The last week of September delivered a feast of migrant birds for east coast birdwatchers. With winds from the east, coupled with cloudy and wet weather hanging over the coast, conditions were ideally suited to produce an autumn ‘fall’ of small birds to coastal hedgerows and shelterbelts. Good numbers of redstarts and pied flycatchers were widely reported, together with less common birds like yellow-browed warbler, red-breasted flycatcher and Richard’s pipit.
One of the real joys of birdwatching the Norfolk coast under such conditions is not knowing what you might find while out working a favoured patch of habitat. There is a chance of something unusual, something unexpected and, just occasionally, something rather special. It is just a chance mind you, but the more time that you spend out there the better are the odds of something really good turning up.
It is interesting to think about the birdwatcher’s perception of what is a good bird. While for some it is all about rarity, for others it is the challenge of securing the identification of a bird that is notoriously tricky. For me it is about the sense of place, the bird in the landscape and part of a wider experience. Looking back through my notebooks for this time of the year underlines this. Notes on a barred warbler I found at Kelling, for example, are mixed in with mention of late bush-crickets and the antics of some young common rats, clambering about in the bramble to get at the berries. It is not so much the bird that is the focus but the wider experience.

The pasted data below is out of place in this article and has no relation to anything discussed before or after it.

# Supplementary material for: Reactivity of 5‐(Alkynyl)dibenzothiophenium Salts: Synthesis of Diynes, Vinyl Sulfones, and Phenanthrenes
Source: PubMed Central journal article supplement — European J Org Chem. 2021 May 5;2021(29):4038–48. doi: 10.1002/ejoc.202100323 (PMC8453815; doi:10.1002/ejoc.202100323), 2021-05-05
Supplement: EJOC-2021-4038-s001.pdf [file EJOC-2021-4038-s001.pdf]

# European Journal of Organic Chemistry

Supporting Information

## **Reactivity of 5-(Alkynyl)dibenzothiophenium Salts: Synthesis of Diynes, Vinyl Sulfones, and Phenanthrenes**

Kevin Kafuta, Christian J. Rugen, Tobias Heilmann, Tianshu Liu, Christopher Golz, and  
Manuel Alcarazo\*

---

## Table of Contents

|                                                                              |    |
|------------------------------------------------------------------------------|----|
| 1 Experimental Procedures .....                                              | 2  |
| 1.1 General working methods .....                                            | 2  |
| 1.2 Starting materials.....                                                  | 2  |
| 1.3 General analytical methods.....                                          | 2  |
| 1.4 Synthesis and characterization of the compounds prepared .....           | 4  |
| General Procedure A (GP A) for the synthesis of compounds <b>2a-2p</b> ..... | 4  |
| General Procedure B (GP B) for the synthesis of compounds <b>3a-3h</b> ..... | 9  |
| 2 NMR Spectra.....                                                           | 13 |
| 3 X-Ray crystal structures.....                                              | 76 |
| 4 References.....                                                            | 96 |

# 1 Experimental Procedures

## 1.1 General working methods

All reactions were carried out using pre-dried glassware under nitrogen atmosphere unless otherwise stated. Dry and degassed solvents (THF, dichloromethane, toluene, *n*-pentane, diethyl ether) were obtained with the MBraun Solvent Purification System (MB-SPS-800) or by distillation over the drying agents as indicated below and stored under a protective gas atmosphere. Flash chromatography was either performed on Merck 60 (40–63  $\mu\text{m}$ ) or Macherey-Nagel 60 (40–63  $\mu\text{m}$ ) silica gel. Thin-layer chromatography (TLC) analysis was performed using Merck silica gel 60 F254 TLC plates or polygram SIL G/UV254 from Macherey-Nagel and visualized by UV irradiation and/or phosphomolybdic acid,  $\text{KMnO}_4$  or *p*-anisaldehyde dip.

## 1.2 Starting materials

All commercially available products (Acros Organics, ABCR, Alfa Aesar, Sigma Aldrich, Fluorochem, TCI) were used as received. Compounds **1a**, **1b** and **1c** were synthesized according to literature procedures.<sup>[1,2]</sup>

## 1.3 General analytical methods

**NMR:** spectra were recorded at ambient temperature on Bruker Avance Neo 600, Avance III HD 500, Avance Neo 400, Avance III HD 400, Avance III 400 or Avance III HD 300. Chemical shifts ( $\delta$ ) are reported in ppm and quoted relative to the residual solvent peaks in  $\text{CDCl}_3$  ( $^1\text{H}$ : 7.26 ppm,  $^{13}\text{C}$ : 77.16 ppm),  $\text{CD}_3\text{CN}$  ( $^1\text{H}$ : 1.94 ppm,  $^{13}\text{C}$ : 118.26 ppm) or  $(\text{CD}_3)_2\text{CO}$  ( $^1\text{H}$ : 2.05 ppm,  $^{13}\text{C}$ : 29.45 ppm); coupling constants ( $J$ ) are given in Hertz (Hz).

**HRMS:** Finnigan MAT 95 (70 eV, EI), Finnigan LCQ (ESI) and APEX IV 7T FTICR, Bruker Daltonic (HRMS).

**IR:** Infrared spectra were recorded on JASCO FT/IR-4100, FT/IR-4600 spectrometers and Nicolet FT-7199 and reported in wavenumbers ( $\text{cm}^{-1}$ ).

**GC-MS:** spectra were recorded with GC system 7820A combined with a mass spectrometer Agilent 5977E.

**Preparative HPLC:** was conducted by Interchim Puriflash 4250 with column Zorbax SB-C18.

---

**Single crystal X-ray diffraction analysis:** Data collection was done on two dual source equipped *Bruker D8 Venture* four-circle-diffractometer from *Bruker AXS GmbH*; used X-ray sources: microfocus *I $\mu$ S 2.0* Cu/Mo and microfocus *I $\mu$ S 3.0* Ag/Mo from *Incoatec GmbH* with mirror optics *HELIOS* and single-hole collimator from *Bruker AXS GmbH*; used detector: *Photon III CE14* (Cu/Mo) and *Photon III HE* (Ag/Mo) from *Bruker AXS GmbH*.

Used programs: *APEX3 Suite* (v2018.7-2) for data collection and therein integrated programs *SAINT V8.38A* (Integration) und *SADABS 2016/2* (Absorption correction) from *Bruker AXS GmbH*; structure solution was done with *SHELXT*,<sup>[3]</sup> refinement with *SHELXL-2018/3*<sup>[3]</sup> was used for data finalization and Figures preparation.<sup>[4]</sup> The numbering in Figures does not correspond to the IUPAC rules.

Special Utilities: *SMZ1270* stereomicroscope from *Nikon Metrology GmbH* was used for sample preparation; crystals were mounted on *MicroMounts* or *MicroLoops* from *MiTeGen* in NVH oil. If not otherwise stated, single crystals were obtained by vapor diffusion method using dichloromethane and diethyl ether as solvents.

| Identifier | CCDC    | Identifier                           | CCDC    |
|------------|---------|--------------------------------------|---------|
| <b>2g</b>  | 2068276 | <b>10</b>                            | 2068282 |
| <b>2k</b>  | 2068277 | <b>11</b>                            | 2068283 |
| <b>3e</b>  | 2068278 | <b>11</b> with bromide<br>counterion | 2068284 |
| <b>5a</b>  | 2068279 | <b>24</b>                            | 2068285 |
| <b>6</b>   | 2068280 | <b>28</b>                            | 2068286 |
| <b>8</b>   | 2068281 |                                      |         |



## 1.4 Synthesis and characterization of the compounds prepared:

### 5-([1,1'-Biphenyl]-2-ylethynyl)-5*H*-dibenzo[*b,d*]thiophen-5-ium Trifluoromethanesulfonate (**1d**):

There are barred warblers about again this autumn and a chance that I might stumble across one, just as I might see young rats or something else, a chance encounter providing a lasting memory. Just being out provides the space to think and relax, to sense your place as the seasons shift and nature responds. Given how much time is spent in an office or in front of a computer, I believe that these moments spent outside have an important role, keeping us rooted in the natural world, reminding us that we are part of something more dynamic and responsive. Computers and televisions direct our gaze to a single point and narrow our horizons but being outside frees us from this, it allows us to gaze around, to be saturated by sounds and sights and to immerse ourselves in something real and tangible. Birdwatching provides an excuse to get out into the countryside and to engage with the natural world, just as walking, riding or volunteering can. It is about extending our horizons, being expansive and engaging with the natural world around us.